Sensory characteristics and functional properties of poultry meat are critical not only for consumer’s initial selection but also for final product satisfaction and the most important quality attributes are appearance and texture. In the present study, no significant difference in appearance, tenderness, flavour, juiciness and overall acceptability could be appreciated between the two groups, indicating that rearing of native birds with commercial feed had no negative influence on sensory meat characteristics but had similar sensory attributes as comparable to backyard native birds.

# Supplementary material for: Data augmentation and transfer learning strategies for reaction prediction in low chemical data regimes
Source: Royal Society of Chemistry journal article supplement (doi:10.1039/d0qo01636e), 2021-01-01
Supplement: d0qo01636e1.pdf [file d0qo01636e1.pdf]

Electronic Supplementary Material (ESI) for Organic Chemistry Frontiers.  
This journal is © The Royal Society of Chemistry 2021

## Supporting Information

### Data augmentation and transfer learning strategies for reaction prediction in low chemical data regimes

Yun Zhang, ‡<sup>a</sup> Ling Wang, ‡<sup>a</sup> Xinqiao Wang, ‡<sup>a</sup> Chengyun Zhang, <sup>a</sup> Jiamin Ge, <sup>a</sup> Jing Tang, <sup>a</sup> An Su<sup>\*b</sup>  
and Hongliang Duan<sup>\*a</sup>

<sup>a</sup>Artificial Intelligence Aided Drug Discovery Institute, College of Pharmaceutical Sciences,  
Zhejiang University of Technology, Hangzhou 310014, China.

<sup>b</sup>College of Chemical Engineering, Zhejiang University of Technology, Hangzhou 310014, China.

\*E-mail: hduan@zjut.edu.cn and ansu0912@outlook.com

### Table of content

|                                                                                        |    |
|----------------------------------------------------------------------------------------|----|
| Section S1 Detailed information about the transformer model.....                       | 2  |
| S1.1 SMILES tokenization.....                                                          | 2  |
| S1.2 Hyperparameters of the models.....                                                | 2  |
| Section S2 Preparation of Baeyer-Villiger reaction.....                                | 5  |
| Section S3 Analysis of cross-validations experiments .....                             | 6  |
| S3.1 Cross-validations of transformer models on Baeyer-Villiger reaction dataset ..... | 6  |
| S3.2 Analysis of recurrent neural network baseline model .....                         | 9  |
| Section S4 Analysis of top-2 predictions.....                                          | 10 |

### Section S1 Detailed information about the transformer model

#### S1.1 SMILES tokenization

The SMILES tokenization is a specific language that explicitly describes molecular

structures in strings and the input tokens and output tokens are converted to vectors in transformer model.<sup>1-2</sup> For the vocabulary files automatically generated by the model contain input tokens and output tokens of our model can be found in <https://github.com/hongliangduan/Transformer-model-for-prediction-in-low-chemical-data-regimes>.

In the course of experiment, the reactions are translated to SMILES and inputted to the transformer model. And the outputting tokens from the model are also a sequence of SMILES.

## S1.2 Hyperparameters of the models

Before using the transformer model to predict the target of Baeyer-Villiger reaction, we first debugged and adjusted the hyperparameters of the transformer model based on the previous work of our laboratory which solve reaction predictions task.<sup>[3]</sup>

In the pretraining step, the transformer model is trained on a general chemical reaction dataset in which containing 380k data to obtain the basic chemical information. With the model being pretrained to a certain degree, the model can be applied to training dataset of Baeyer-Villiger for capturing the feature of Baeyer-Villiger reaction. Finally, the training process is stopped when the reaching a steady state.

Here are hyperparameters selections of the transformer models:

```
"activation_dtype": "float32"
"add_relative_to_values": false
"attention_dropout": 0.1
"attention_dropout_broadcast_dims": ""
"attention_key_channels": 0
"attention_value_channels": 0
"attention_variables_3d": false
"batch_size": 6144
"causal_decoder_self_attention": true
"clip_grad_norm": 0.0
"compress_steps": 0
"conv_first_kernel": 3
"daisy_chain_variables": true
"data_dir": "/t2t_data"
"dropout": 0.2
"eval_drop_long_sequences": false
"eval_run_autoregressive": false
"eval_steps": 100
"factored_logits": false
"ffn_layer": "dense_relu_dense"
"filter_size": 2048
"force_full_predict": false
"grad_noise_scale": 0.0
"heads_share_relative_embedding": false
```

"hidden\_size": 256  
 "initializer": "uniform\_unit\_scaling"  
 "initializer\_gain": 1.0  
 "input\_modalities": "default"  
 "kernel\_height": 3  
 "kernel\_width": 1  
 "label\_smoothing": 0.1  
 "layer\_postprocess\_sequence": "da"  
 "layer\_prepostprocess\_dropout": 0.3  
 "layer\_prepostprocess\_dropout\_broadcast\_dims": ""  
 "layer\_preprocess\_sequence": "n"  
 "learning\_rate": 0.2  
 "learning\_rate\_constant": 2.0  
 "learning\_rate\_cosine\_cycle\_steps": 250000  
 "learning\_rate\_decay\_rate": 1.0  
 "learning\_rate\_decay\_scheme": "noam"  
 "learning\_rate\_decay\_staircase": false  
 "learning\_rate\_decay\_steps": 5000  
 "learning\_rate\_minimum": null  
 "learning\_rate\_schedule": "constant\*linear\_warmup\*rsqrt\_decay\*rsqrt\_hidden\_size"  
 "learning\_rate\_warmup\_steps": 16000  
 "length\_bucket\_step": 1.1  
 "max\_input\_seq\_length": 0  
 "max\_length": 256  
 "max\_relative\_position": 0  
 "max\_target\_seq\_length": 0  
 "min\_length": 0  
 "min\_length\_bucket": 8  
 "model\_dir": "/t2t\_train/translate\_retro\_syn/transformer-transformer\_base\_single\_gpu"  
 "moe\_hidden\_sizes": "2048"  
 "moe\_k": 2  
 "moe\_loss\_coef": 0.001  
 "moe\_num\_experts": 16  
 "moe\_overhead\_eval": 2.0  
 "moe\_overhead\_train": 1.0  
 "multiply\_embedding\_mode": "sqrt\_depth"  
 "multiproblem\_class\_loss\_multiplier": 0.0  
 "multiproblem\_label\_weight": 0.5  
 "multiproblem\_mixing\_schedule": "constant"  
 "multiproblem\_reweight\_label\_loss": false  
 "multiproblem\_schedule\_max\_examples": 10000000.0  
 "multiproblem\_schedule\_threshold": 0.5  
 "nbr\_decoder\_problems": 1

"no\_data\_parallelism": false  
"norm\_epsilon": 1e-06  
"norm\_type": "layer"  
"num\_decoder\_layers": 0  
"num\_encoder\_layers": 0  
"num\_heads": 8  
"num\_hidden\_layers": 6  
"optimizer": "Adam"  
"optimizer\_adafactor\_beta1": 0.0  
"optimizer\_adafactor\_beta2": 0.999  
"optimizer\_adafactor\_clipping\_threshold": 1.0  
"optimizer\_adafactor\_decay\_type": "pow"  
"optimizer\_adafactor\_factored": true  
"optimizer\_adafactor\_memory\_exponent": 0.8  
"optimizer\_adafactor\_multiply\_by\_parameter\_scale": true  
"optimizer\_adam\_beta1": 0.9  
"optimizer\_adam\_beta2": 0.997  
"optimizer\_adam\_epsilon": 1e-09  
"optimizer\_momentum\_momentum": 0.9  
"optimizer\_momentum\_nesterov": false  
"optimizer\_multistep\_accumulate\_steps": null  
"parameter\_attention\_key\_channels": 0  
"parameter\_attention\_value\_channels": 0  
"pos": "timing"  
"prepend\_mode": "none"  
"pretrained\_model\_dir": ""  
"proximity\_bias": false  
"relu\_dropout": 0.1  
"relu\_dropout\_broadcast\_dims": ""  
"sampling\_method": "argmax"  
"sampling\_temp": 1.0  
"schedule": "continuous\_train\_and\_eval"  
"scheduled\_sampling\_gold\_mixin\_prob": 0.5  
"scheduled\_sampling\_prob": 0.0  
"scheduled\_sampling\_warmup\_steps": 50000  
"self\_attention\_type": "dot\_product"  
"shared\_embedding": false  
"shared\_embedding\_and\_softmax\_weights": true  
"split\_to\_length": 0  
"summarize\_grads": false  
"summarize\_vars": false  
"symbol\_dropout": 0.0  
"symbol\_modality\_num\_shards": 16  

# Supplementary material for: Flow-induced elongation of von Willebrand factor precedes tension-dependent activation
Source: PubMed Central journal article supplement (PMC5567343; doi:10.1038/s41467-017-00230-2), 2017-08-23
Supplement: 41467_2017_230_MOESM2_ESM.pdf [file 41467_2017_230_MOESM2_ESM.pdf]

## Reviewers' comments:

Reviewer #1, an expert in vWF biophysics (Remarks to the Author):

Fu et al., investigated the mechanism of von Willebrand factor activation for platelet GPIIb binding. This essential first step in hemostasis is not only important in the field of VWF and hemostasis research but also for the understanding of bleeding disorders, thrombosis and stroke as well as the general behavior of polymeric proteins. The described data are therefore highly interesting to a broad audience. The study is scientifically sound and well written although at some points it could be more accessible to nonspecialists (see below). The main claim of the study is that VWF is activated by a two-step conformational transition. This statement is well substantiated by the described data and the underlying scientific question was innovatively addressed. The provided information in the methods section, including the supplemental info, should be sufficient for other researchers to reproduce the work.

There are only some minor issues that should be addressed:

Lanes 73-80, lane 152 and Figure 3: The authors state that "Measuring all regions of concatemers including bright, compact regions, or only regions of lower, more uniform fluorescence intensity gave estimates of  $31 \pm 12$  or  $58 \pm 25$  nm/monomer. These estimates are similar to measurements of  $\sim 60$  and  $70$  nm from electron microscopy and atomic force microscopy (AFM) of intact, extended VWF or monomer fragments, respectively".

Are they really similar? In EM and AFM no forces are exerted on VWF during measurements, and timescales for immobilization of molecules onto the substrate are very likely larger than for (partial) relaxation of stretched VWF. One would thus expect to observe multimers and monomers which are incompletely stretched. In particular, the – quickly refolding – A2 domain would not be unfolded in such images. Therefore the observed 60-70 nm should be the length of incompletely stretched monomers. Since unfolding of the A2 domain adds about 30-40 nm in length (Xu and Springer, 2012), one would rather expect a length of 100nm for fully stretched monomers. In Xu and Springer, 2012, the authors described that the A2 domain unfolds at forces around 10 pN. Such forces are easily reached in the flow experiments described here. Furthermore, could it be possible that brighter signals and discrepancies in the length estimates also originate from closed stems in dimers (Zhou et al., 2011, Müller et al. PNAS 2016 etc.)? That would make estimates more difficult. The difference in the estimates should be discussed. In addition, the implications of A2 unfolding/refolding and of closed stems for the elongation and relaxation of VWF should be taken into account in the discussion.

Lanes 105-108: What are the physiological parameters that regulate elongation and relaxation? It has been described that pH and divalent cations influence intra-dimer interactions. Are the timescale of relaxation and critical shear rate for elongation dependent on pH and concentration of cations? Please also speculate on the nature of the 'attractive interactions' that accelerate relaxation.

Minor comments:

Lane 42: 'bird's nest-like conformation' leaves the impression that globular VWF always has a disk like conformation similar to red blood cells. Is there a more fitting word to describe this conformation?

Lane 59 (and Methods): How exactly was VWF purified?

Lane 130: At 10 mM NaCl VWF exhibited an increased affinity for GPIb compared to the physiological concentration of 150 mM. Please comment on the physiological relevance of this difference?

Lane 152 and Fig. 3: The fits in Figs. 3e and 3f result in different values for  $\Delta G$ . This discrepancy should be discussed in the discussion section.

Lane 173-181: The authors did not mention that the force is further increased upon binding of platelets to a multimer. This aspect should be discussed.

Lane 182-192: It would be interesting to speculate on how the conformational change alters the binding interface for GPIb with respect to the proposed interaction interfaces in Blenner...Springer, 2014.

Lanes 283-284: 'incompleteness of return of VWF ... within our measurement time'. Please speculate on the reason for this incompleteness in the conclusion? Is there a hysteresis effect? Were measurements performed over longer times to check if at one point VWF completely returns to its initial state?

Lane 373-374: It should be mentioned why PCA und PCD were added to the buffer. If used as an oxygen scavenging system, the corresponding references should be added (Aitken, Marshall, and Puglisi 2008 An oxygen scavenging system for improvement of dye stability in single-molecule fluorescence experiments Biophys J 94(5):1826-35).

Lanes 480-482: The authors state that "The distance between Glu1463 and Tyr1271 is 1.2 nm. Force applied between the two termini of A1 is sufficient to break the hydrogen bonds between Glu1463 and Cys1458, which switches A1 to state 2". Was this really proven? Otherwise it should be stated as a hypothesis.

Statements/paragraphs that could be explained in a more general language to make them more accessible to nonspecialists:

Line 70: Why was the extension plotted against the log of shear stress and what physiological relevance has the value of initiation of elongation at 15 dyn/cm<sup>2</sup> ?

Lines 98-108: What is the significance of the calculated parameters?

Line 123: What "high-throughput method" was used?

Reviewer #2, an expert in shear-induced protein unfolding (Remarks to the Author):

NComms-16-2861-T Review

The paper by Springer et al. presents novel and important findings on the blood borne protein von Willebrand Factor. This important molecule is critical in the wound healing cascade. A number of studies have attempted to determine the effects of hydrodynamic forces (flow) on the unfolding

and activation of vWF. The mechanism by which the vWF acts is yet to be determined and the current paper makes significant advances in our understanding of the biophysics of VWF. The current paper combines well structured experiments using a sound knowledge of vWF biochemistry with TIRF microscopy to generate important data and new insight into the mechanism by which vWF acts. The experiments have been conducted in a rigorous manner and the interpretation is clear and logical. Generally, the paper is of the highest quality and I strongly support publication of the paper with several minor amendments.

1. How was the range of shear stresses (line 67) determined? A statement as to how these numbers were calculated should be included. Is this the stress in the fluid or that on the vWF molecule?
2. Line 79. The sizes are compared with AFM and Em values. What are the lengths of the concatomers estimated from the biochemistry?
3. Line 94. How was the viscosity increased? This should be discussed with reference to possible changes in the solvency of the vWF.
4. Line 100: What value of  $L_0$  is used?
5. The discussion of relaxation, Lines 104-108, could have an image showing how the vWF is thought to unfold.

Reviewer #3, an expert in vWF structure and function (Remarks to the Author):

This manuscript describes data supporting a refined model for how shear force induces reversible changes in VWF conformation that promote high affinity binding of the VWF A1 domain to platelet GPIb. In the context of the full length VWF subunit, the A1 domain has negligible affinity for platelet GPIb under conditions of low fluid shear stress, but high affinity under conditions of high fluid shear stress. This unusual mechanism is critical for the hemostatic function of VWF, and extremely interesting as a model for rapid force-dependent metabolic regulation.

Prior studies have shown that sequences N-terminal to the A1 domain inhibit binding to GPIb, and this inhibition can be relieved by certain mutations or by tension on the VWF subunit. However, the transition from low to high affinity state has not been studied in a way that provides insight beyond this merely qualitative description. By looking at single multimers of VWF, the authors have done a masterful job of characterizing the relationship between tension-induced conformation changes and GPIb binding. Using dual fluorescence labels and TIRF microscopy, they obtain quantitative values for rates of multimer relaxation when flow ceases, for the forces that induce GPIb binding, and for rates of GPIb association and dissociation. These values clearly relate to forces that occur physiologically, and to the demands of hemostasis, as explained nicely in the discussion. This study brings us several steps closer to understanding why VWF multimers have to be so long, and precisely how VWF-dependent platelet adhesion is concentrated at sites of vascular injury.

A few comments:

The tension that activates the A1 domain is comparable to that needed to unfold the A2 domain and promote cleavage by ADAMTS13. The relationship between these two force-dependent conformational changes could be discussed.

The results of the present study indicated that commercial rearing of native chicken under farm conditions has significantly improved the live weight and carcass yield as compared to backyard native chicken. The native birds reared under farm setting had better scores in terms of lower shear force values, higher sarcomere length and lower collagen content. Farm rearing of native chicken did not have any negative influence on sensory characteristics and were similar to that of meat from backyard native chicken indicating that commercial rearing of native chicken can be an effective alternative for improving the productivity of native birds and thereby improving the profitability without compromising on the quality of the meat.